‘There’s no such thing as bad publicity’ PT Barnum is rumoured to have said. It’s certainly not true when editorial coverage ruins a reputation, a company or a career.
A recent court case has damaged the reputation and hindered the careers of Liam Allan. This London based student was accused of rape. He was on bail for two years and if found guilty may have been sentenced to 10 years in prison and placed on the sex offenders register. When the prosecution barrister found out that the mobile phone records of the ‘victim’ has not been disclosed and that they provided strong evidence for the defence, he said that the case should be dropped and should not have reached court.
While the name of the accuser, the ‘victim’ has, as usual, not been made public, Liam’s name and reputation have been in the media as the accused for two years. He now has to get over this crisis and rebuild his reputation.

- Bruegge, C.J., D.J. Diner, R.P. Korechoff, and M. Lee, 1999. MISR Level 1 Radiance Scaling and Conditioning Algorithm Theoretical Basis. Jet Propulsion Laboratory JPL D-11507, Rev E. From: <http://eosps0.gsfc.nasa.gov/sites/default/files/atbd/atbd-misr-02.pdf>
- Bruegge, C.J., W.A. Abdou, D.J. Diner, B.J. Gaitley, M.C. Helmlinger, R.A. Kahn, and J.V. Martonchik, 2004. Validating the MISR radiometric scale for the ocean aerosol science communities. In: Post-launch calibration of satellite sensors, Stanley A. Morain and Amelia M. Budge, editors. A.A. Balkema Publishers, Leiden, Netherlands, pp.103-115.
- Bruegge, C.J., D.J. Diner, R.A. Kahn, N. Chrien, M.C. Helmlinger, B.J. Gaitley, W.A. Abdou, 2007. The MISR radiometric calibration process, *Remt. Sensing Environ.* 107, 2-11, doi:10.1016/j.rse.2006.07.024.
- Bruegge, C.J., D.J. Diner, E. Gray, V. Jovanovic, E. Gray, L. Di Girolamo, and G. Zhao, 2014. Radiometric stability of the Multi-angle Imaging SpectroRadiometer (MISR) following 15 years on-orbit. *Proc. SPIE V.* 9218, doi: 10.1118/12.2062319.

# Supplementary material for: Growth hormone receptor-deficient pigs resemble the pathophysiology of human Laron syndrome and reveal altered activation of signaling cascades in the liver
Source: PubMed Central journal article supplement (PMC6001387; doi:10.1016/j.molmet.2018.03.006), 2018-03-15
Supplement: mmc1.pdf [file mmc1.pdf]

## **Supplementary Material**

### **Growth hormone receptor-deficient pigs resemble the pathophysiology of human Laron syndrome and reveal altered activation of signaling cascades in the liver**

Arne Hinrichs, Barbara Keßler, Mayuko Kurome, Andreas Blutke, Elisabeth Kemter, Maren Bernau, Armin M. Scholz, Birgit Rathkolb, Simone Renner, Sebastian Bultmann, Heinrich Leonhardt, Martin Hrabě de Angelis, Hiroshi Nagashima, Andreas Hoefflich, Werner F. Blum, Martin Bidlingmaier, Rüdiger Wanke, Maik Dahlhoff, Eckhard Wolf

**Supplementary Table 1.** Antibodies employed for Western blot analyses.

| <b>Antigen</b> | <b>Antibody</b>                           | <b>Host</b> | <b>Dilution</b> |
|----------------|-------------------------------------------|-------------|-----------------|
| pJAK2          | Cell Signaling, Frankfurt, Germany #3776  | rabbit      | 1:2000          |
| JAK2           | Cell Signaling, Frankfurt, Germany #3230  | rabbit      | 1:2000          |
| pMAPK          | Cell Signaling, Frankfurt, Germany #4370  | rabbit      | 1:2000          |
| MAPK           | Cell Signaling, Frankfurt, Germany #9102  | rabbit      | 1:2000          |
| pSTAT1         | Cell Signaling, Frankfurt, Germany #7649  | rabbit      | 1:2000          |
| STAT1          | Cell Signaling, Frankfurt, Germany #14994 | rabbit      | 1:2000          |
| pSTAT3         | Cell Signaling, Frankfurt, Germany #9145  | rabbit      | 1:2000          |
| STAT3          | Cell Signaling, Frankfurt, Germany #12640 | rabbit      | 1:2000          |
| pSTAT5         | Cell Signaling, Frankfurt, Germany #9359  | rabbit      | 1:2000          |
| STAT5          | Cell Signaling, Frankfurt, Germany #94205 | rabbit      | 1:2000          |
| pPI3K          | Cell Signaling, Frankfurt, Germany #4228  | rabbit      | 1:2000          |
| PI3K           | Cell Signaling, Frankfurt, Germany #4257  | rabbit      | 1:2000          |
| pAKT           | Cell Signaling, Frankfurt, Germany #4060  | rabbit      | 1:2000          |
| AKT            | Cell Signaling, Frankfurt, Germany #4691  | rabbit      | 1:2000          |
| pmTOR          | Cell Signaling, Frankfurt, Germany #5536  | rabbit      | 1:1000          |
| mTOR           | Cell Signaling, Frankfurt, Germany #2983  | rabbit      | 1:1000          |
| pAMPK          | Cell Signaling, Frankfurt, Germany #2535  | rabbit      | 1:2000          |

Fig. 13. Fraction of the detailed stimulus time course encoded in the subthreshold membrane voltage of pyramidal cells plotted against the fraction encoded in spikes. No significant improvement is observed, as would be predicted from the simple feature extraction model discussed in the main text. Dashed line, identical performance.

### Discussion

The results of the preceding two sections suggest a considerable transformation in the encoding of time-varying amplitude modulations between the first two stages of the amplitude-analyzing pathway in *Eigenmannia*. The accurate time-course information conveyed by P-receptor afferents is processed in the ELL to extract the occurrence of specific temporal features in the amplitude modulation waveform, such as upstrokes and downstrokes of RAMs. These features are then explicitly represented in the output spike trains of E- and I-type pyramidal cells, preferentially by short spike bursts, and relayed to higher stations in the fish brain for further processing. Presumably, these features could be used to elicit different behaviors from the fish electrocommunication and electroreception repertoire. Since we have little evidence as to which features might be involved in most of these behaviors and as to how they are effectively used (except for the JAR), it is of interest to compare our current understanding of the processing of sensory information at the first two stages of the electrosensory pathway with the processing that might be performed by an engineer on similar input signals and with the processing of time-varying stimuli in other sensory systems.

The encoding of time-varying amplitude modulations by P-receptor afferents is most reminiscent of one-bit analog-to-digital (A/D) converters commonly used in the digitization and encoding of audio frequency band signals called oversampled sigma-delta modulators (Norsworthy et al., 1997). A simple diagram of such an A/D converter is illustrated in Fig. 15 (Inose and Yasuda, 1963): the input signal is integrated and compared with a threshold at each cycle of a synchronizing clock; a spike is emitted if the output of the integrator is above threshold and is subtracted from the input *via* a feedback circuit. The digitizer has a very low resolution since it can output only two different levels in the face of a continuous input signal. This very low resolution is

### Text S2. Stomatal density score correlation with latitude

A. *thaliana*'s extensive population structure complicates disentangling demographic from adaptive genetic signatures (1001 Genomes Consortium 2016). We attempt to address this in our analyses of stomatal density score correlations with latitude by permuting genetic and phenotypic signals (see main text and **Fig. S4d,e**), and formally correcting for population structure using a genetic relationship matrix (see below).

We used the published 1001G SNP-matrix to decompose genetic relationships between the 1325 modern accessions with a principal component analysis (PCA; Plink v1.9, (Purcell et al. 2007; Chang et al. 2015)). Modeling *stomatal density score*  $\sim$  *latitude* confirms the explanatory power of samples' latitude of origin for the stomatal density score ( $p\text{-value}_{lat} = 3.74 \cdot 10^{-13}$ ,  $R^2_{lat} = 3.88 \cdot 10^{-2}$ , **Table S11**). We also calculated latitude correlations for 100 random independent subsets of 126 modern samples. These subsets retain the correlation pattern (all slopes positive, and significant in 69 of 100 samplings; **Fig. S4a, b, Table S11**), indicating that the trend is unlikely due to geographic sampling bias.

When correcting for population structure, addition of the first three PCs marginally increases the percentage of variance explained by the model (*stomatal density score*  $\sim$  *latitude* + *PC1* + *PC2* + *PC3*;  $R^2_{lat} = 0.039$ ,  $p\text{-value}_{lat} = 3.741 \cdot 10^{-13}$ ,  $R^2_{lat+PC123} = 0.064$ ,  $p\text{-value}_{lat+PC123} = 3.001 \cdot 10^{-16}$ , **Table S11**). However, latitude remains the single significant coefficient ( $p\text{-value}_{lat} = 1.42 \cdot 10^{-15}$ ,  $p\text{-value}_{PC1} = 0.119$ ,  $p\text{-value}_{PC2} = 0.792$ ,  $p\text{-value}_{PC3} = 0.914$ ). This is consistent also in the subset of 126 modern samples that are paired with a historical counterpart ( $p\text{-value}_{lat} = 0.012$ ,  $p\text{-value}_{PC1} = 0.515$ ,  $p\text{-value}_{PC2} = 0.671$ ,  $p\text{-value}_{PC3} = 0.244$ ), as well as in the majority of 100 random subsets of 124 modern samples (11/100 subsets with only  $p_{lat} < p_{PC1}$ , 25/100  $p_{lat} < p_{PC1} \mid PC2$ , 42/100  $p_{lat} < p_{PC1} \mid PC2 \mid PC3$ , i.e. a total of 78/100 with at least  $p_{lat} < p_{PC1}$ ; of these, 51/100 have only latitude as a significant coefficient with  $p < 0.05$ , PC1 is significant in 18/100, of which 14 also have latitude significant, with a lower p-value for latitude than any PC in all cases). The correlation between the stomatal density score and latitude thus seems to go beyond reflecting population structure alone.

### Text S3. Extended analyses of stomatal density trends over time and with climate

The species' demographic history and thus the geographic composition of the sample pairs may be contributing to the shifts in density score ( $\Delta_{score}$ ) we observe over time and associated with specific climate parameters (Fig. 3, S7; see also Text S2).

When a murder took place in a house in Bristol owned by retired teacher Chris Jefferies, he was arrested and his name plastered over the front pages of the national press. He was treated as if guilty until another tenant was accused and later found guilty.
Several lawyers have been arguing for some time that there should not be any editorial coverage of the names of the accused until a verdict is reached.
Others argue that PR for the criminal case, naming the accused, helps to bring forward other victims and witnesses who can help to achieve justice. Is it just to destroy a reputation, potentially, in the process? Further victims can always come forward when the original case is over and reported.
If creating several court cases rather than one is the price to pay for not destroying a reputation and avoiding bad PR, then it’s a price worth paying. No PR is better than bad PR when PR unjustly destroys a reputation.